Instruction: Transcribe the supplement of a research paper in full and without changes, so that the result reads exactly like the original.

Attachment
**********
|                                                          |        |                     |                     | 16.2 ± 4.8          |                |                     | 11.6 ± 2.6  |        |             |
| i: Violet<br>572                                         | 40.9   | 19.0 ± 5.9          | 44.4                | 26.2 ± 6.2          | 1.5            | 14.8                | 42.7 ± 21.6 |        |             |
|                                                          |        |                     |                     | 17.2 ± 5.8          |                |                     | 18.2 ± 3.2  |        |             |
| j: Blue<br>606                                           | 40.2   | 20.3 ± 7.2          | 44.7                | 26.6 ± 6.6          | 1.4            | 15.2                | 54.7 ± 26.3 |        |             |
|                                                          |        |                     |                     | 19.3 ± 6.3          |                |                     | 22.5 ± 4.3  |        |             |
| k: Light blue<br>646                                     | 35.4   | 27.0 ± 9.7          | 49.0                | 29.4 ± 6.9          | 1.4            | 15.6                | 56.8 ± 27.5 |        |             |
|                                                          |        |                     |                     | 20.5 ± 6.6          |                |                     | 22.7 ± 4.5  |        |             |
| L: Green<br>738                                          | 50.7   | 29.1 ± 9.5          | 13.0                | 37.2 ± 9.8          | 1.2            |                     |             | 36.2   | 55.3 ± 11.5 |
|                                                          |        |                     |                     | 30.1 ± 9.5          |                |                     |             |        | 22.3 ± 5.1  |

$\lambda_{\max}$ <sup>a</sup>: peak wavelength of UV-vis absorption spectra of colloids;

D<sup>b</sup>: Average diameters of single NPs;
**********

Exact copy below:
|                                                          |        |                     |                     | 16.2 ± 4.8          |                |                     | 11.6 ± 2.6  |        |             |
| i: Violet<br>572                                         | 40.9   | 19.0 ± 5.9          | 44.4                | 26.2 ± 6.2          | 1.5            | 14.8                | 42.7 ± 21.6 |        |             |
|                                                          |        |                     |                     | 17.2 ± 5.8          |                |                     | 18.2 ± 3.2  |        |             |
| j: Blue<br>606                                           | 40.2   | 20.3 ± 7.2          | 44.7                | 26.6 ± 6.6          | 1.4            | 15.2                | 54.7 ± 26.3 |        |             |
|                                                          |        |                     |                     | 19.3 ± 6.3          |                |                     | 22.5 ± 4.3  |        |             |
| k: Light blue<br>646                                     | 35.4   | 27.0 ± 9.7          | 49.0                | 29.4 ± 6.9          | 1.4            | 15.6                | 56.8 ± 27.5 |        |             |
|                                                          |        |                     |                     | 20.5 ± 6.6          |                |                     | 22.7 ± 4.5  |        |             |
| L: Green<br>738                                          | 50.7   | 29.1 ± 9.5          | 13.0                | 37.2 ± 9.8          | 1.2            |                     |             | 36.2   | 55.3 ± 11.5 |
|                                                          |        |                     |                     | 30.1 ± 9.5          |                |                     |             |        | 22.3 ± 5.1  |

$\lambda_{\max}$ <sup>a</sup>: peak wavelength of UV-vis absorption spectra of colloids;

D<sup>b</sup>: Average diameters of single NPs;